historic preservation

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There’s a reason this time of year is considered the most wonderful, the most magical. The world is a little kinder, the nights a little cozier. The best part, of course, is being together with the people you love most. Cherish this month with these incredible Portsmouth events — Travel + Leisure called us “Christmas Capitol of America” for good reason, after all!

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TMS Architect’s guest blogger and local historian, J. Dennis Robinson,  provided us with a December post that,  in this season of light, appropriately turns its attention to electricity, Ben Franklin and an  historic Portsmouth home. 

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The new owners of this historic residence wished to retain its formal aesthetics but recognized that their young and energetic family needed some additional casual space.  The kitchen and the spaces in the rear ell did not meet the owners’ needs and the second floor master bedroom also served as access to the second floor spaces in the rear ell.  All bathrooms were antiquated and the home also lacked direct exterior access to the large back yard and swimming pool.

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Just when we least expect it, a new blog post for TMS Architects arrives from our guest historian, J. Dennis Robinson.  The subject of this one was timely as it had been in the local papers and was wonderful to get more information about this particular building on State Street in downtown Portsmouth.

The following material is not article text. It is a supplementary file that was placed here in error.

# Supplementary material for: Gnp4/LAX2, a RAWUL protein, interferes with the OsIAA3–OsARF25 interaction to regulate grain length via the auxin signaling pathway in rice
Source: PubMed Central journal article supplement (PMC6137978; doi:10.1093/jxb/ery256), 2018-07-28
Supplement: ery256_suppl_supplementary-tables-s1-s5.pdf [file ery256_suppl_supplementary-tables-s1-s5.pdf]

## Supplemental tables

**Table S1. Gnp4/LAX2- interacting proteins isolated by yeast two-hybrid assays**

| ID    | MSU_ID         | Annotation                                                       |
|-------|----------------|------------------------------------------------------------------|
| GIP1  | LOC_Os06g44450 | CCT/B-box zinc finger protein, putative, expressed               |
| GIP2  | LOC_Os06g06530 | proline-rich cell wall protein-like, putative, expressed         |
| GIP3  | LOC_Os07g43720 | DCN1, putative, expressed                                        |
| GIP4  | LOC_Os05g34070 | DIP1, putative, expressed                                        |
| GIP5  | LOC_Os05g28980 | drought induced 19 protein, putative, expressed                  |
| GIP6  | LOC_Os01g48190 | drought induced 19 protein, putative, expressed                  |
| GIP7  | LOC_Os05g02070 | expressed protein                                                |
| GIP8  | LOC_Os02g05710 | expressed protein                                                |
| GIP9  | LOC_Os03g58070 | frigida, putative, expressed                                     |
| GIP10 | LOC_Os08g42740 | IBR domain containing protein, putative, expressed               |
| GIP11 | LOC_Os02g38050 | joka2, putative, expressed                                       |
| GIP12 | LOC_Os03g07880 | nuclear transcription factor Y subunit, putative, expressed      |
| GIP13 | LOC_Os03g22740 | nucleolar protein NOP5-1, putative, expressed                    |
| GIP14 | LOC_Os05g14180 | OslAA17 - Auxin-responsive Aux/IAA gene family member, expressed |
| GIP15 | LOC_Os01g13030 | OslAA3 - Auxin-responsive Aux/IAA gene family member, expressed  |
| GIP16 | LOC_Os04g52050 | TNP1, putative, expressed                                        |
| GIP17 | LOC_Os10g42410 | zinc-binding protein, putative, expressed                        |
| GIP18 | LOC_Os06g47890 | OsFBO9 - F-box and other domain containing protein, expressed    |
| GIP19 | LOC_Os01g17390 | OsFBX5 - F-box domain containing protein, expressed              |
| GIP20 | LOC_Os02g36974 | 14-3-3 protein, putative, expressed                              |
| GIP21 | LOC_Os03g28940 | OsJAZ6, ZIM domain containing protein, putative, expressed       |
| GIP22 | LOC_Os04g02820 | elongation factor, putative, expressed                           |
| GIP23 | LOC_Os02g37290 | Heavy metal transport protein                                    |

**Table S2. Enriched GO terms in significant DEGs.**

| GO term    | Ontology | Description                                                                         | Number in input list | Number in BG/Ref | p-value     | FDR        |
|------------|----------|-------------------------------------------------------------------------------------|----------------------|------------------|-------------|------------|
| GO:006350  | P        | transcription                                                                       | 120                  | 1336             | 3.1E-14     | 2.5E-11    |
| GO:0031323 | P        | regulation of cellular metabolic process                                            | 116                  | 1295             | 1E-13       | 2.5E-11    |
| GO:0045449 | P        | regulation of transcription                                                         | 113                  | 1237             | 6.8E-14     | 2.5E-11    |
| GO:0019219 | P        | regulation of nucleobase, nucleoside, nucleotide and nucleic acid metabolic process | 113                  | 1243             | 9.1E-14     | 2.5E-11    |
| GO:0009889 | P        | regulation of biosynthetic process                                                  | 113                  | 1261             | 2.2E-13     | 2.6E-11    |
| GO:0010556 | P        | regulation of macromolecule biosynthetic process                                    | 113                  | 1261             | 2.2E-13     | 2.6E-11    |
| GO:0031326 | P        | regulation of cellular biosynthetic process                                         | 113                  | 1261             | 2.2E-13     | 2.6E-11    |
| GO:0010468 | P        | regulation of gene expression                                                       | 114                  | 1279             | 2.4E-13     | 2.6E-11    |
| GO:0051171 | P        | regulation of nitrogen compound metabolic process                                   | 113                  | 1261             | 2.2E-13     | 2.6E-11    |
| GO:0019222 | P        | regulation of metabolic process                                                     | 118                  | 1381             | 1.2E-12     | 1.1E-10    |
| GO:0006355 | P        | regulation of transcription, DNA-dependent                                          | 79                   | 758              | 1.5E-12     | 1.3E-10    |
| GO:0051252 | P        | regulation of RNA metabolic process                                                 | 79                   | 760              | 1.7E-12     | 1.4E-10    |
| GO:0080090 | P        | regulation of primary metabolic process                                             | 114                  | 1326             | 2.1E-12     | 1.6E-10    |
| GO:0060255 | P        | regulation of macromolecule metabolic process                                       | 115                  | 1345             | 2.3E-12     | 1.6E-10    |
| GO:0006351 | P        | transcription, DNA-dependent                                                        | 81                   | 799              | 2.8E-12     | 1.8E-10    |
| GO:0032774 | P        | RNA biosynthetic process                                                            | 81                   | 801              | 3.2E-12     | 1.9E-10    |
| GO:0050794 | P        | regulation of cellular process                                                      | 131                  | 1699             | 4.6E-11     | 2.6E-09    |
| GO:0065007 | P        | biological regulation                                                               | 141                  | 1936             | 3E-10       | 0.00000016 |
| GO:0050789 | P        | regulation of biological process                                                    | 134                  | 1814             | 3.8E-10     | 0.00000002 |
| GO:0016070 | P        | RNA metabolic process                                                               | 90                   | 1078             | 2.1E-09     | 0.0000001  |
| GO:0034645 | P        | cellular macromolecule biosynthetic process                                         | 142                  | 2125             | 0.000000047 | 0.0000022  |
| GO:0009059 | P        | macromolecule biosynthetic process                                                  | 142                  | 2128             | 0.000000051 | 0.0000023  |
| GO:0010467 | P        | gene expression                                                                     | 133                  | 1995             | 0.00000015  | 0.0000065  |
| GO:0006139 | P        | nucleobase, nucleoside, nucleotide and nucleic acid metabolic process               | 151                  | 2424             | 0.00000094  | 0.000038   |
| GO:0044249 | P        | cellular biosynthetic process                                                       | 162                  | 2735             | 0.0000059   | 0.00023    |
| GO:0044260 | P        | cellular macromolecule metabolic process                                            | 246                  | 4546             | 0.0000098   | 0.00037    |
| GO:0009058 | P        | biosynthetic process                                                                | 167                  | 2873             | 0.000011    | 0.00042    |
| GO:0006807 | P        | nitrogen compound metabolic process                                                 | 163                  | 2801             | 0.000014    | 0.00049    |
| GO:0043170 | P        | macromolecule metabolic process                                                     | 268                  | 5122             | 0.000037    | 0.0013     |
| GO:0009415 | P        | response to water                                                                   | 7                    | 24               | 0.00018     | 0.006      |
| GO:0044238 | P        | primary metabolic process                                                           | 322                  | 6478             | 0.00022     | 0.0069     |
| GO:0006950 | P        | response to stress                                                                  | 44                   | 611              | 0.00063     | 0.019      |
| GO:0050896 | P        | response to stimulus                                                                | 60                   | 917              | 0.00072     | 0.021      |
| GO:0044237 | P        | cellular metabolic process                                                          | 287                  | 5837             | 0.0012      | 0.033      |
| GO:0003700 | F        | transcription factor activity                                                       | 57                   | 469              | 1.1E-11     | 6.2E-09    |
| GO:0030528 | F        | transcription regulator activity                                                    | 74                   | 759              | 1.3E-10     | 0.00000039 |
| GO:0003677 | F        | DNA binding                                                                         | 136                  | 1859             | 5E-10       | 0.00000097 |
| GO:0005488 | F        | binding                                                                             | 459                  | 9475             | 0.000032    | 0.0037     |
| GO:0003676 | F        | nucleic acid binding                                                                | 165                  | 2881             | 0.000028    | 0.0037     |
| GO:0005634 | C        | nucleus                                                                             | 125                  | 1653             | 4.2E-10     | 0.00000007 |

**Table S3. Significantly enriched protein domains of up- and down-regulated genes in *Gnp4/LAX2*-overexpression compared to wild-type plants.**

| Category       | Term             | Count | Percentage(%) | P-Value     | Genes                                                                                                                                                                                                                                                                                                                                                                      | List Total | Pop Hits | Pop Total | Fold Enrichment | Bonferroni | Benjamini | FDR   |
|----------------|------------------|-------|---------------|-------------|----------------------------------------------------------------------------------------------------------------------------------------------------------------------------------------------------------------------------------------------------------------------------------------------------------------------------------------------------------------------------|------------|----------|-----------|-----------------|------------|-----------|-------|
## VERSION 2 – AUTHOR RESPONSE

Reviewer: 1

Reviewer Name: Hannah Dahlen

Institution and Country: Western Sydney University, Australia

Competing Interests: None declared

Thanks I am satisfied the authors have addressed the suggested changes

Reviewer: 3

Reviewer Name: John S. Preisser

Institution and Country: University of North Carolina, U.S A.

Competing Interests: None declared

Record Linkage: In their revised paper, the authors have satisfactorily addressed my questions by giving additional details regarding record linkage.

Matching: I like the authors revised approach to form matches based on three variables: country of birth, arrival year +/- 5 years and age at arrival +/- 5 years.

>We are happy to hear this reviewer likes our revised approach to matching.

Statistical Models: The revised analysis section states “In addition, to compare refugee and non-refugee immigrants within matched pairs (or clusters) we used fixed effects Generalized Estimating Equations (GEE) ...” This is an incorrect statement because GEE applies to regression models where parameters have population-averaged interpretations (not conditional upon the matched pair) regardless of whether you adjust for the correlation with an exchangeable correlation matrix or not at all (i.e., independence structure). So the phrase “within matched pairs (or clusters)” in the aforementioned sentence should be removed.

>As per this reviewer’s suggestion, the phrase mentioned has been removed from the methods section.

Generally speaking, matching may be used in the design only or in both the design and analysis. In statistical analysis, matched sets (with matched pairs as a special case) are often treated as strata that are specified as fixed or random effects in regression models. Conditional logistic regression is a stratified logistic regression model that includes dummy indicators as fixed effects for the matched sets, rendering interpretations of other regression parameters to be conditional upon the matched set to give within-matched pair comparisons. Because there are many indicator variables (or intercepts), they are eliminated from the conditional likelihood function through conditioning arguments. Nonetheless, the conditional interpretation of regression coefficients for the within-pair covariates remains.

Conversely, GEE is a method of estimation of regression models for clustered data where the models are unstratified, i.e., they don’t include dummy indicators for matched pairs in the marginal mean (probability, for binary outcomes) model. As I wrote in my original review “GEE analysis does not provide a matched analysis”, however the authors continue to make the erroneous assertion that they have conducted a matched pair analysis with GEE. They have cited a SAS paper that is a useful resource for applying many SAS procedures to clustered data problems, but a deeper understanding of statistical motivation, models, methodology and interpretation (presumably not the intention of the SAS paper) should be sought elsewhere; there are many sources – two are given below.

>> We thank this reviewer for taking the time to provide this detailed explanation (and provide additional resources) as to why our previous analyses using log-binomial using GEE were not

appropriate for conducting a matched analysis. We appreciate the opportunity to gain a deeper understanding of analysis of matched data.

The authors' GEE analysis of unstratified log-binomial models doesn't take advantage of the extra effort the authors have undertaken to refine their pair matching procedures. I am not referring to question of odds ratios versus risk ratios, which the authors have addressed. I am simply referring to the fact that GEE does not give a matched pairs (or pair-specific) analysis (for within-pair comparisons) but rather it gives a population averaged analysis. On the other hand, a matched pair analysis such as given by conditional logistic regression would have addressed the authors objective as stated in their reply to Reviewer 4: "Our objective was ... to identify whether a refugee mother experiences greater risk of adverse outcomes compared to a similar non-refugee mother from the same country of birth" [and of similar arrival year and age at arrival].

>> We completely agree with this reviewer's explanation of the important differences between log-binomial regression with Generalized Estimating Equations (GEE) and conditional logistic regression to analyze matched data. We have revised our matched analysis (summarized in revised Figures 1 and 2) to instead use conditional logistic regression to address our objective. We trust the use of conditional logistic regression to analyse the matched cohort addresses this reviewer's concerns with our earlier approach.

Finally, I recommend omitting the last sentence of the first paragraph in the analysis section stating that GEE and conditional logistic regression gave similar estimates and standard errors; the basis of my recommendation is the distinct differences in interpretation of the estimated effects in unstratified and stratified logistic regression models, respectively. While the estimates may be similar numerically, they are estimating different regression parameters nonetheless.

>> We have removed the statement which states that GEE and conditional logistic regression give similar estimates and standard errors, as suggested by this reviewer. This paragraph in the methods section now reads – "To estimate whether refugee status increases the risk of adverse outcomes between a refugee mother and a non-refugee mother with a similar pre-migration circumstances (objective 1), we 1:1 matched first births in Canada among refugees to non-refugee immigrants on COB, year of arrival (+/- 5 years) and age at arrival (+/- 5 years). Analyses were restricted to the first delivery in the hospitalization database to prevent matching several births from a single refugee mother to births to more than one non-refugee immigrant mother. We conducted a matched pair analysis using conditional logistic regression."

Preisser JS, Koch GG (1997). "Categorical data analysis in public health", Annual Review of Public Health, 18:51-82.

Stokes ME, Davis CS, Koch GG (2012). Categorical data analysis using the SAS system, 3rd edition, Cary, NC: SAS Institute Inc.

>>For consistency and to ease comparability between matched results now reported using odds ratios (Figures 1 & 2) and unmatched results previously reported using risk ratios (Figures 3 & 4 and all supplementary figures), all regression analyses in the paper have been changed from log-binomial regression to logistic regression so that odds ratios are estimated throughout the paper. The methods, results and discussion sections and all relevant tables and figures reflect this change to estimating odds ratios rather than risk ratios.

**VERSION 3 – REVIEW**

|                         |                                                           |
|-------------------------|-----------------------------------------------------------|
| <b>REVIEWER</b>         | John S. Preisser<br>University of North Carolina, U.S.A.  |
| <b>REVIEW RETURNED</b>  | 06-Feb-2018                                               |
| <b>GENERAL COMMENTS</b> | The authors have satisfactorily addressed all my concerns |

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Restoring a Victorian home can be a seemingly endless undertaking, both physically and financially. However, once your project is complete, you’ll not only have a beautiful home, but you’ll also have contributed to a historic preservation project in New England. While it’s best to hire a licensed architect to help plan your restoration, there are some tips you can follow if you prefer to do the work yourself.

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Historic preservation in New England is tantamount to most owners of the gems of yesteryear. While older construction is generally far superior to the fast-paced construction of today, modern living makes it necessary to increase your living space while maintaining the integrity of your home’s history. Enter the practice of utilizing sensitive additions.

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Hardscaping is an excellent addition to any home or commercial property in need of an uplift or boost in value. There are many considerations when developing a plan for your project, and working with an architect is a great way to ensure your money is well spent and that your project will not cause damage to your home’s existing facade.